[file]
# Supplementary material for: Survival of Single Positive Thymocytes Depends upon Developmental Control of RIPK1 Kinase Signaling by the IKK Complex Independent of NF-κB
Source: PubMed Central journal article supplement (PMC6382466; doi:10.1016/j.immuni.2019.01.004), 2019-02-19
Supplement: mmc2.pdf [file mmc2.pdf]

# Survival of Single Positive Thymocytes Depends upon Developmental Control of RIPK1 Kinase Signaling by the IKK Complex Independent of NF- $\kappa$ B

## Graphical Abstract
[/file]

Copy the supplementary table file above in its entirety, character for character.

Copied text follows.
# Supplementary material for: Survival of Single Positive Thymocytes Depends upon Developmental Control of RIPK1 Kinase Signaling by the IKK Complex Independent of NF-κB
Source: PubMed Central journal article supplement (PMC6382466; doi:10.1016/j.immuni.2019.01.004), 2019-02-19
Supplement: mmc2.pdf [file mmc2.pdf]

# Survival of Single Positive Thymocytes Depends upon Developmental Control of RIPK1 Kinase Signaling by the IKK Complex Independent of NF- $\kappa$ B

## Graphical Abstract